Set the system hostname
[root@archiso /]# hostname ArchLinux [root@archiso /]# echo ArchLinux > /etc/hostname
Generate a local. This defines which language the system uses, and other regional considerations such as currency denomination, numerology, and character sets etc. Values are listed in /etc/locale.gen. Edit local.gen and uncomment en_AU.UTF-8 (as I’m in Australia), as well as other needed localisations. Save the file, and generate the new locales
[root@archiso /]# locale-gen [root@archiso /]# localectl set-locale LANG=en_AU.UTF-8 [root@archiso /]# echo LANG=en_AU.UTF-8 >> /etc/locale.conf [root@archiso /]# echo LANGUAGE=en_AU >> /etc/locale.conf [root@archiso /]# echo LC_ALL= >> /etc/locale.conf
NOTE: some instructions will include “LC_ALL=C >> /etc/locale.conf”. Do not set this to avoid issues with gnome-teminal if you are going to use this as your graphical terminal application, use LC_ALL= as shown in the above example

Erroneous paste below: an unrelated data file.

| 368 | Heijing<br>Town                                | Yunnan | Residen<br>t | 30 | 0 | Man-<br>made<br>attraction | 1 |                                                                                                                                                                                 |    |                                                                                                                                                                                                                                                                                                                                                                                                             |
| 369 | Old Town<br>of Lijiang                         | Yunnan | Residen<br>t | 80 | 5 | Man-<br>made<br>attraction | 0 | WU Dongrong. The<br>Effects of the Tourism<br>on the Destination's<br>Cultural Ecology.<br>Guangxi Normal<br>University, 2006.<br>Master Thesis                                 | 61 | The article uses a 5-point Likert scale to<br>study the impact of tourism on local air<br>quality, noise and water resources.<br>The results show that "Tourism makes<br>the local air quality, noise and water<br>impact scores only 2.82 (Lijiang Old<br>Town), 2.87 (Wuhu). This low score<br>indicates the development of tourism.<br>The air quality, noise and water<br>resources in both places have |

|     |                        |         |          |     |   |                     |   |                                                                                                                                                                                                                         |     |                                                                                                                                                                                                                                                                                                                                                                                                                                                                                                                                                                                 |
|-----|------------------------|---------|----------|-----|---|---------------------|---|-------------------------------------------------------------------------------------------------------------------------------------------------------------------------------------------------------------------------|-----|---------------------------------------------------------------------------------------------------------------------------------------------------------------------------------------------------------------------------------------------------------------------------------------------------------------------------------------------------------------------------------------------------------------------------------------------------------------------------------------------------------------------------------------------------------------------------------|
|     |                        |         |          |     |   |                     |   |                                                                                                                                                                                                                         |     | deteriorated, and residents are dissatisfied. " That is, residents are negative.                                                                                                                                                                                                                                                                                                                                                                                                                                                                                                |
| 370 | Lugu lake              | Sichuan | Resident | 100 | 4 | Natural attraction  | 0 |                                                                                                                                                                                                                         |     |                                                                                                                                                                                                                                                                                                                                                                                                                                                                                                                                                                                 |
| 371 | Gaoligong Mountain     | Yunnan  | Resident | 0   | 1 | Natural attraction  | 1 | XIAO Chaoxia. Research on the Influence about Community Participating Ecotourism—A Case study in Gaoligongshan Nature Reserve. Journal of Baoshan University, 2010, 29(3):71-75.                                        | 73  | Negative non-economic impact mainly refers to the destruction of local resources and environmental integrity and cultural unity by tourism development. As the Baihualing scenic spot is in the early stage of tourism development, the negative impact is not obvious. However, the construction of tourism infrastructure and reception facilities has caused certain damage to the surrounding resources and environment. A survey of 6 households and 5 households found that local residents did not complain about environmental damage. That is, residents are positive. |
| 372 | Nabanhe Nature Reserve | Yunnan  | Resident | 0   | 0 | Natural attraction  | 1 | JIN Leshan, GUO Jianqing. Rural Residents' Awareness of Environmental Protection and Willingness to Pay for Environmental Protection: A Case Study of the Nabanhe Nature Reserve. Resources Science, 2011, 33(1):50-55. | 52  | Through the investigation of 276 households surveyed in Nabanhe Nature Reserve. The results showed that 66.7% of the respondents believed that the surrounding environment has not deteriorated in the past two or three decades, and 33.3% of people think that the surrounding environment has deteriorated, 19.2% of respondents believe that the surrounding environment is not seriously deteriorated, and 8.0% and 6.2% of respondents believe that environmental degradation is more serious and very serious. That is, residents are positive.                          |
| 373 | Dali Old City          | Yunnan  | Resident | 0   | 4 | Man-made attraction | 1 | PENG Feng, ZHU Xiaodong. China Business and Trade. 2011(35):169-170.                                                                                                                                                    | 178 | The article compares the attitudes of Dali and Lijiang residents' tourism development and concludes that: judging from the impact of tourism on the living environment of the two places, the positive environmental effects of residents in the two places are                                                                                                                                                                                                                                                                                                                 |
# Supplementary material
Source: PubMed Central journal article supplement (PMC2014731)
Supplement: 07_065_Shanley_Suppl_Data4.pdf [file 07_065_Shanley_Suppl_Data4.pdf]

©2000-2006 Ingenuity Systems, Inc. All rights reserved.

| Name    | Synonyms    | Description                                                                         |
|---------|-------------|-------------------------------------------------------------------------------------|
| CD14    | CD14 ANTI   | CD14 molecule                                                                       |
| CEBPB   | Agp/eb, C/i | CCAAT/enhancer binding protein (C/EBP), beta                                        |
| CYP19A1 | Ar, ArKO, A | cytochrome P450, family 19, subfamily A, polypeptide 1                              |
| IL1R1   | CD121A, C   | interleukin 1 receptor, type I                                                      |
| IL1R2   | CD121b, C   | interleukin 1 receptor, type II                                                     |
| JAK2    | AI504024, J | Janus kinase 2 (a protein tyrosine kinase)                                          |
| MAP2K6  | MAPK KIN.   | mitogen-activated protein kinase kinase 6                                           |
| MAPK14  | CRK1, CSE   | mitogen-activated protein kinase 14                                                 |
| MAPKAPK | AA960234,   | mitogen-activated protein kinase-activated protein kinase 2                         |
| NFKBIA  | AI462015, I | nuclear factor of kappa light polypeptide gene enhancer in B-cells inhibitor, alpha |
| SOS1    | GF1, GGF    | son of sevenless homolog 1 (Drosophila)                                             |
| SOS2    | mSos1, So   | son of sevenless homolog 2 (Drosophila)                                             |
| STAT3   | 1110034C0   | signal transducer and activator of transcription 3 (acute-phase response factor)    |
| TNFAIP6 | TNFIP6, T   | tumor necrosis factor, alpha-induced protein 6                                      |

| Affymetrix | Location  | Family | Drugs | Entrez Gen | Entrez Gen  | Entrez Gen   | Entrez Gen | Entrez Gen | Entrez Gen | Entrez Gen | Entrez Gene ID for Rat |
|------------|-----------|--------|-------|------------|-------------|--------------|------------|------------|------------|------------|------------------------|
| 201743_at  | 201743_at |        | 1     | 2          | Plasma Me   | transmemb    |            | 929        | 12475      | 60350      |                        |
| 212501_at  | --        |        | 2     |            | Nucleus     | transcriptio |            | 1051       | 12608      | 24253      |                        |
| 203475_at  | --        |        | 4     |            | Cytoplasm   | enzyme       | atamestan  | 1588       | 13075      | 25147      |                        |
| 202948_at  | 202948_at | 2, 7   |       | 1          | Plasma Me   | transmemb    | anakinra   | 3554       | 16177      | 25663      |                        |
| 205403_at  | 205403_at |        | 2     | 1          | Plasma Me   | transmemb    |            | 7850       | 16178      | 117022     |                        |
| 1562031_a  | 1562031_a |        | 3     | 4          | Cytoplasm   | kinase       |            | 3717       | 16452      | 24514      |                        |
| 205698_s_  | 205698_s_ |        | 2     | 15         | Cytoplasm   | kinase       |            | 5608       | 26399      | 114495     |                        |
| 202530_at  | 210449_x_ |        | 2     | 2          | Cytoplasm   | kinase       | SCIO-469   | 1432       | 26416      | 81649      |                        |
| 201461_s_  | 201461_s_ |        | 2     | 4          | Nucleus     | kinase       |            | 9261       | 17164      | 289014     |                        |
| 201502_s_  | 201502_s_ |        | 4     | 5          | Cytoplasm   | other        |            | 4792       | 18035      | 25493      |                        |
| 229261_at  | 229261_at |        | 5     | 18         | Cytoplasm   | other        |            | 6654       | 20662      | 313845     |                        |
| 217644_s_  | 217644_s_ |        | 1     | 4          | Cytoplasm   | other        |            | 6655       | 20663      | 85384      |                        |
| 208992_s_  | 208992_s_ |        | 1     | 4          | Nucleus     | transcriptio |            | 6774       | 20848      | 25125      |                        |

Set password for root
[root@archiso /]# passwd
Create another user account for yourself and give it a password
[root@archiso /]# useradd -m -g users -G wheel -s /bin/bash [root@archiso /]# passwd
Modify the /etc/sudoers file so you can use your new user account to do administrative tasks using sudo and never have to login or use the root account again. First set the default editor for the root account as the visudo command is set to use vim, which is not installed. I will set nano.
[root@archiso /]# echo "export EDITOR=nano" >> ~/.bashrc [root@archiso /]# source ~/.bashrc [root@archiso /]# visudo
Uncomment the line
# %wheel ALL=(ALL) ALL
%wheel ALL=(ALL) ALL
save the file
Lets Wrap it Up
There is a shed load of work to do still before this system could be considered anywhere near a usable server or workstation (still need video card drivers, services, Xorg or Wayland, a Desktop Environment etc etc) but we, at least have a minimal system that can boot up so we can begin the task of creating the system we desire.
Hold up, remember that we are still in a chroot environment, let’s deal with that then reboot.
[root@archiso /]# exit root@archiso# umount -R /mnt root@archiso# reboot